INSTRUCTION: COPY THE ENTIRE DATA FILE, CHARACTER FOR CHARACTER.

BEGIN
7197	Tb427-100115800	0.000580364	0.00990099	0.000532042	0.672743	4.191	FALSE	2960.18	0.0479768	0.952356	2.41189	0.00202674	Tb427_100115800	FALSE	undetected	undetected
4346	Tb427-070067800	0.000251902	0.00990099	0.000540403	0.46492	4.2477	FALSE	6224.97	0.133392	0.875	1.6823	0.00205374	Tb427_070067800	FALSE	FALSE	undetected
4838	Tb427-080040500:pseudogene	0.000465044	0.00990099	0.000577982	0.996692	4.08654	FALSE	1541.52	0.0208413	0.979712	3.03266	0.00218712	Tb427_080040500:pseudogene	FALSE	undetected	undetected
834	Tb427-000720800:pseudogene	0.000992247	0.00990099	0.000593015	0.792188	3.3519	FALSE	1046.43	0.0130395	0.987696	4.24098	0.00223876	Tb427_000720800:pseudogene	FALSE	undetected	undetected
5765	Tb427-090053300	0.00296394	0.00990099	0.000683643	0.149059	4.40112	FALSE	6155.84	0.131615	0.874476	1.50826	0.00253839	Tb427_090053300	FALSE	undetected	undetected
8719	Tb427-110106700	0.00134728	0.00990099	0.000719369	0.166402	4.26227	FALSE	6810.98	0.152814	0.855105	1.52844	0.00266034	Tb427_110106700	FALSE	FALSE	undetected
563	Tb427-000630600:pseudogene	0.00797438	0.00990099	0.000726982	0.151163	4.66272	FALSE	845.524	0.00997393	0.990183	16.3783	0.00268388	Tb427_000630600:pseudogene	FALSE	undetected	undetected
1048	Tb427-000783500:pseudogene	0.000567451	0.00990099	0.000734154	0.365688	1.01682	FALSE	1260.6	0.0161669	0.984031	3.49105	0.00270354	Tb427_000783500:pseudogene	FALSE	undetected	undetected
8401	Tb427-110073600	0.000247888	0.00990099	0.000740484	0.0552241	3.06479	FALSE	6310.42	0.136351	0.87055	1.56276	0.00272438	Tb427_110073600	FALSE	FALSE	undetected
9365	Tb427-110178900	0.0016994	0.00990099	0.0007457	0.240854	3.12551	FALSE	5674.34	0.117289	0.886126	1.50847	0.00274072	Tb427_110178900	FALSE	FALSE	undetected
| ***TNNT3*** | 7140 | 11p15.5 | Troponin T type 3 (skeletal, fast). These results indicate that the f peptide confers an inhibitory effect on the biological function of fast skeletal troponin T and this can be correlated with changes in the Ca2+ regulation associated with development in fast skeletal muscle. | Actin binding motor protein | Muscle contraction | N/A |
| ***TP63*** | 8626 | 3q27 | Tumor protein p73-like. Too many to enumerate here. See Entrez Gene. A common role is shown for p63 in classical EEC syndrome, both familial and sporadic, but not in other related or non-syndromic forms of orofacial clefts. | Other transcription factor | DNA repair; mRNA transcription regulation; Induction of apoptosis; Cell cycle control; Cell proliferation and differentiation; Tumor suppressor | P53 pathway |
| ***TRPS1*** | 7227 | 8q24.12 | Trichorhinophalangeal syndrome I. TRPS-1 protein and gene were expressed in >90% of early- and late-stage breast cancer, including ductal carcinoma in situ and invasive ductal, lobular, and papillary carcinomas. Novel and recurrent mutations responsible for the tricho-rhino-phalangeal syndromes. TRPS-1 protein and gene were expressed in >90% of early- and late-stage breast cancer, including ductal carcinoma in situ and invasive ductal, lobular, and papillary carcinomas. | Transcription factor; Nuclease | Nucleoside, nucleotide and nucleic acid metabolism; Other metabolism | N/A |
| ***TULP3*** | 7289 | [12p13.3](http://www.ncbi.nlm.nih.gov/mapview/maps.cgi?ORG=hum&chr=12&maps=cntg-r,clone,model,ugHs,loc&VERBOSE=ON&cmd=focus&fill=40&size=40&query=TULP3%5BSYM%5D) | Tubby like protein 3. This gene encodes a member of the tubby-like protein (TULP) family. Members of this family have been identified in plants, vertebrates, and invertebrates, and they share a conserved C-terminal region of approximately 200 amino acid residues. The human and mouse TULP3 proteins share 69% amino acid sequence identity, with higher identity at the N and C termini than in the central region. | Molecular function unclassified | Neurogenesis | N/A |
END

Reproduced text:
7197	Tb427-100115800	0.000580364	0.00990099	0.000532042	0.672743	4.191	FALSE	2960.18	0.0479768	0.952356	2.41189	0.00202674	Tb427_100115800	FALSE	undetected	undetected
4346	Tb427-070067800	0.000251902	0.00990099	0.000540403	0.46492	4.2477	FALSE	6224.97	0.133392	0.875	1.6823	0.00205374	Tb427_070067800	FALSE	FALSE	undetected
4838	Tb427-080040500:pseudogene	0.000465044	0.00990099	0.000577982	0.996692	4.08654	FALSE	1541.52	0.0208413	0.979712	3.03266	0.00218712	Tb427_080040500:pseudogene	FALSE	undetected	undetected
834	Tb427-000720800:pseudogene	0.000992247	0.00990099	0.000593015	0.792188	3.3519	FALSE	1046.43	0.0130395	0.987696	4.24098	0.00223876	Tb427_000720800:pseudogene	FALSE	undetected	undetected
5765	Tb427-090053300	0.00296394	0.00990099	0.000683643	0.149059	4.40112	FALSE	6155.84	0.131615	0.874476	1.50826	0.00253839	Tb427_090053300	FALSE	undetected	undetected
8719	Tb427-110106700	0.00134728	0.00990099	0.000719369	0.166402	4.26227	FALSE	6810.98	0.152814	0.855105	1.52844	0.00266034	Tb427_110106700	FALSE	FALSE	undetected
563	Tb427-000630600:pseudogene	0.00797438	0.00990099	0.000726982	0.151163	4.66272	FALSE	845.524	0.00997393	0.990183	16.3783	0.00268388	Tb427_000630600:pseudogene	FALSE	undetected	undetected
1048	Tb427-000783500:pseudogene	0.000567451	0.00990099	0.000734154	0.365688	1.01682	FALSE	1260.6	0.0161669	0.984031	3.49105	0.00270354	Tb427_000783500:pseudogene	FALSE	undetected	undetected
8401	Tb427-110073600	0.000247888	0.00990099	0.000740484	0.0552241	3.06479	FALSE	6310.42	0.136351	0.87055	1.56276	0.00272438	Tb427_110073600	FALSE	FALSE	undetected
9365	Tb427-110178900	0.0016994	0.00990099	0.0007457	0.240854	3.12551	FALSE	5674.34	0.117289	0.886126	1.50847	0.00274072	Tb427_110178900	FALSE	FALSE	undetected
| ***TNNT3*** | 7140 | 11p15.5 | Troponin T type 3 (skeletal, fast). These results indicate that the f peptide confers an inhibitory effect on the biological function of fast skeletal troponin T and this can be correlated with changes in the Ca2+ regulation associated with development in fast skeletal muscle. | Actin binding motor protein | Muscle contraction | N/A |
| ***TP63*** | 8626 | 3q27 | Tumor protein p73-like. Too many to enumerate here. See Entrez Gene. A common role is shown for p63 in classical EEC syndrome, both familial and sporadic, but not in other related or non-syndromic forms of orofacial clefts. | Other transcription factor | DNA repair; mRNA transcription regulation; Induction of apoptosis; Cell cycle control; Cell proliferation and differentiation; Tumor suppressor | P53 pathway |
| ***TRPS1*** | 7227 | 8q24.12 | Trichorhinophalangeal syndrome I. TRPS-1 protein and gene were expressed in >90% of early- and late-stage breast cancer, including ductal carcinoma in situ and invasive ductal, lobular, and papillary carcinomas. Novel and recurrent mutations responsible for the tricho-rhino-phalangeal syndromes. TRPS-1 protein and gene were expressed in >90% of early- and late-stage breast cancer, including ductal carcinoma in situ and invasive ductal, lobular, and papillary carcinomas. | Transcription factor; Nuclease | Nucleoside, nucleotide and nucleic acid metabolism; Other metabolism | N/A |
| ***TULP3*** | 7289 | [12p13.3](http://www.ncbi.nlm.nih.gov/mapview/maps.cgi?ORG=hum&chr=12&maps=cntg-r,clone,model,ugHs,loc&VERBOSE=ON&cmd=focus&fill=40&size=40&query=TULP3%5BSYM%5D) | Tubby like protein 3. This gene encodes a member of the tubby-like protein (TULP) family. Members of this family have been identified in plants, vertebrates, and invertebrates, and they share a conserved C-terminal region of approximately 200 amino acid residues. The human and mouse TULP3 proteins share 69% amino acid sequence identity, with higher identity at the N and C termini than in the central region. | Molecular function unclassified | Neurogenesis | N/A |